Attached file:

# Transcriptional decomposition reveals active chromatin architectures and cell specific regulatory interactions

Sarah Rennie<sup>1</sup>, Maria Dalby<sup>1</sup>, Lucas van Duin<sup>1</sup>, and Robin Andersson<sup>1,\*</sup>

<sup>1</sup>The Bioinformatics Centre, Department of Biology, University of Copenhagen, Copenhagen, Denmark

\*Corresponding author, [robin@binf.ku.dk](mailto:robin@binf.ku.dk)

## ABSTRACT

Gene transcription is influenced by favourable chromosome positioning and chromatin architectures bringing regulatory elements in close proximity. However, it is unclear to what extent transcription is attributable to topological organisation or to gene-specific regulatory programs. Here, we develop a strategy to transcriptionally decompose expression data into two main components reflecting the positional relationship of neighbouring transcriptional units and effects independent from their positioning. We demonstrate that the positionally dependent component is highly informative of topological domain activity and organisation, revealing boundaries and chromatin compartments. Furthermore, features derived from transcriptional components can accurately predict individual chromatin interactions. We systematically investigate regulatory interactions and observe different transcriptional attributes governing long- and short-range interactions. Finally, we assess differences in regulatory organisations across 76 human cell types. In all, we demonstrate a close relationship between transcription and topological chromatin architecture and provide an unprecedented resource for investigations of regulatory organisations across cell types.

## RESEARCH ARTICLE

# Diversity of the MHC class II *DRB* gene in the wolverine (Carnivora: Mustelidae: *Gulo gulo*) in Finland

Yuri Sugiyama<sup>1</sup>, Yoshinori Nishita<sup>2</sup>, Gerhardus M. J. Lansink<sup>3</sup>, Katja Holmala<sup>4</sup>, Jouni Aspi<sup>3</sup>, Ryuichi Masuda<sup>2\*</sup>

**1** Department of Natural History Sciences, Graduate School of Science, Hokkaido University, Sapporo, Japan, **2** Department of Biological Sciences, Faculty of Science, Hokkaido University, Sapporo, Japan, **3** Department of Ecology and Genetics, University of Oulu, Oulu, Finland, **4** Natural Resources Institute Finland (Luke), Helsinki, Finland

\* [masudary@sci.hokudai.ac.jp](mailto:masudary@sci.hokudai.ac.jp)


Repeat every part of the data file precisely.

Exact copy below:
# Transcriptional decomposition reveals active chromatin architectures and cell specific regulatory interactions

Sarah Rennie<sup>1</sup>, Maria Dalby<sup>1</sup>, Lucas van Duin<sup>1</sup>, and Robin Andersson<sup>1,\*</sup>

<sup>1</sup>The Bioinformatics Centre, Department of Biology, University of Copenhagen, Copenhagen, Denmark

\*Corresponding author, [robin@binf.ku.dk](mailto:robin@binf.ku.dk)

## ABSTRACT

Gene transcription is influenced by favourable chromosome positioning and chromatin architectures bringing regulatory elements in close proximity. However, it is unclear to what extent transcription is attributable to topological organisation or to gene-specific regulatory programs. Here, we develop a strategy to transcriptionally decompose expression data into two main components reflecting the positional relationship of neighbouring transcriptional units and effects independent from their positioning. We demonstrate that the positionally dependent component is highly informative of topological domain activity and organisation, revealing boundaries and chromatin compartments. Furthermore, features derived from transcriptional components can accurately predict individual chromatin interactions. We systematically investigate regulatory interactions and observe different transcriptional attributes governing long- and short-range interactions. Finally, we assess differences in regulatory organisations across 76 human cell types. In all, we demonstrate a close relationship between transcription and topological chromatin architecture and provide an unprecedented resource for investigations of regulatory organisations across cell types.

## RESEARCH ARTICLE

# Diversity of the MHC class II *DRB* gene in the wolverine (Carnivora: Mustelidae: *Gulo gulo*) in Finland

Yuri Sugiyama<sup>1</sup>, Yoshinori Nishita<sup>2</sup>, Gerhardus M. J. Lansink<sup>3</sup>, Katja Holmala<sup>4</sup>, Jouni Aspi<sup>3</sup>, Ryuichi Masuda<sup>2\*</sup>

**1** Department of Natural History Sciences, Graduate School of Science, Hokkaido University, Sapporo, Japan, **2** Department of Biological Sciences, Faculty of Science, Hokkaido University, Sapporo, Japan, **3** Department of Ecology and Genetics, University of Oulu, Oulu, Finland, **4** Natural Resources Institute Finland (Luke), Helsinki, Finland

\* [masudary@sci.hokudai.ac.jp](mailto:masudary@sci.hokudai.ac.jp)